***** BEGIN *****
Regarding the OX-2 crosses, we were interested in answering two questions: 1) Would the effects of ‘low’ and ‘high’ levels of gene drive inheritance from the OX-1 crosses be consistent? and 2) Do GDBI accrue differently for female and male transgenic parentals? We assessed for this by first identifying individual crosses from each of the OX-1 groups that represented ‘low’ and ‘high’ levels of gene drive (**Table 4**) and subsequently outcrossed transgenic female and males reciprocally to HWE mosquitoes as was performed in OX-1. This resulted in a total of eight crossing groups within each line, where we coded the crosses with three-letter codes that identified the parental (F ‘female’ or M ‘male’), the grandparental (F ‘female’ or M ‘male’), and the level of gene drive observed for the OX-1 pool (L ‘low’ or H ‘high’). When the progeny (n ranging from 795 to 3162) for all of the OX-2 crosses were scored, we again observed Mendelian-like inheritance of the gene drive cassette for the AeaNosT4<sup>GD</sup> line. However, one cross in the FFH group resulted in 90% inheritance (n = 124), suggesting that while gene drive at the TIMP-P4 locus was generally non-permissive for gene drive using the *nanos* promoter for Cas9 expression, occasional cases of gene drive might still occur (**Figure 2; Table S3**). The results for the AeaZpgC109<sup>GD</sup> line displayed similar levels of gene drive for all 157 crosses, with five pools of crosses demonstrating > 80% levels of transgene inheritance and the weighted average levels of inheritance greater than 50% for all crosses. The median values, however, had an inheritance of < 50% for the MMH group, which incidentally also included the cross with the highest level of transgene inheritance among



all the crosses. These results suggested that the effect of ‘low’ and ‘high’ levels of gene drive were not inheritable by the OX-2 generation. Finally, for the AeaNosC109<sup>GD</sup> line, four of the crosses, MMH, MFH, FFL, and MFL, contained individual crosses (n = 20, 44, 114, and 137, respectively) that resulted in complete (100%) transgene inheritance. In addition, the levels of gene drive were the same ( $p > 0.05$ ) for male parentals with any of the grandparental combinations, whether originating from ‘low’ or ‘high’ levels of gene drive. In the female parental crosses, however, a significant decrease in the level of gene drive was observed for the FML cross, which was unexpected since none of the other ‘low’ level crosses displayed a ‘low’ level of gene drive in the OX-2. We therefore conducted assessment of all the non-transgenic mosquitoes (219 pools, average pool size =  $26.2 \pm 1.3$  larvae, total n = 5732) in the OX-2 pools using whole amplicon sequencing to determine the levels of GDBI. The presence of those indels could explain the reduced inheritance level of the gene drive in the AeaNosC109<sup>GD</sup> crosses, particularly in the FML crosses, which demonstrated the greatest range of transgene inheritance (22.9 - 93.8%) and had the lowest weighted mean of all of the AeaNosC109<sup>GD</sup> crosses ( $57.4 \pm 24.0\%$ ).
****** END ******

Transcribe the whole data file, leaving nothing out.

Regarding the OX-2 crosses, we were interested in answering two questions: 1) Would the effects of ‘low’ and ‘high’ levels of gene drive inheritance from the OX-1 crosses be consistent? and 2) Do GDBI accrue differently for female and male transgenic parentals? We assessed for this by first identifying individual crosses from each of the OX-1 groups that represented ‘low’ and ‘high’ levels of gene drive (**Table 4**) and subsequently outcrossed transgenic female and males reciprocally to HWE mosquitoes as was performed in OX-1. This resulted in a total of eight crossing groups within each line, where we coded the crosses with three-letter codes that identified the parental (F ‘female’ or M ‘male’), the grandparental (F ‘female’ or M ‘male’), and the level of gene drive observed for the OX-1 pool (L ‘low’ or H ‘high’). When the progeny (n ranging from 795 to 3162) for all of the OX-2 crosses were scored, we again observed Mendelian-like inheritance of the gene drive cassette for the AeaNosT4<sup>GD</sup> line. However, one cross in the FFH group resulted in 90% inheritance (n = 124), suggesting that while gene drive at the TIMP-P4 locus was generally non-permissive for gene drive using the *nanos* promoter for Cas9 expression, occasional cases of gene drive might still occur (**Figure 2; Table S3**). The results for the AeaZpgC109<sup>GD</sup> line displayed similar levels of gene drive for all 157 crosses, with five pools of crosses demonstrating > 80% levels of transgene inheritance and the weighted average levels of inheritance greater than 50% for all crosses. The median values, however, had an inheritance of < 50% for the MMH group, which incidentally also included the cross with the highest level of transgene inheritance among



all the crosses. These results suggested that the effect of ‘low’ and ‘high’ levels of gene drive were not inheritable by the OX-2 generation. Finally, for the AeaNosC109<sup>GD</sup> line, four of the crosses, MMH, MFH, FFL, and MFL, contained individual crosses (n = 20, 44, 114, and 137, respectively) that resulted in complete (100%) transgene inheritance. In addition, the levels of gene drive were the same ( $p > 0.05$ ) for male parentals with any of the grandparental combinations, whether originating from ‘low’ or ‘high’ levels of gene drive. In the female parental crosses, however, a significant decrease in the level of gene drive was observed for the FML cross, which was unexpected since none of the other ‘low’ level crosses displayed a ‘low’ level of gene drive in the OX-2. We therefore conducted assessment of all the non-transgenic mosquitoes (219 pools, average pool size =  $26.2 \pm 1.3$  larvae, total n = 5732) in the OX-2 pools using whole amplicon sequencing to determine the levels of GDBI. The presence of those indels could explain the reduced inheritance level of the gene drive in the AeaNosC109<sup>GD</sup> crosses, particularly in the FML crosses, which demonstrated the greatest range of transgene inheritance (22.9 - 93.8%) and had the lowest weighted mean of all of the AeaNosC109<sup>GD</sup> crosses ( $57.4 \pm 24.0\%$ ).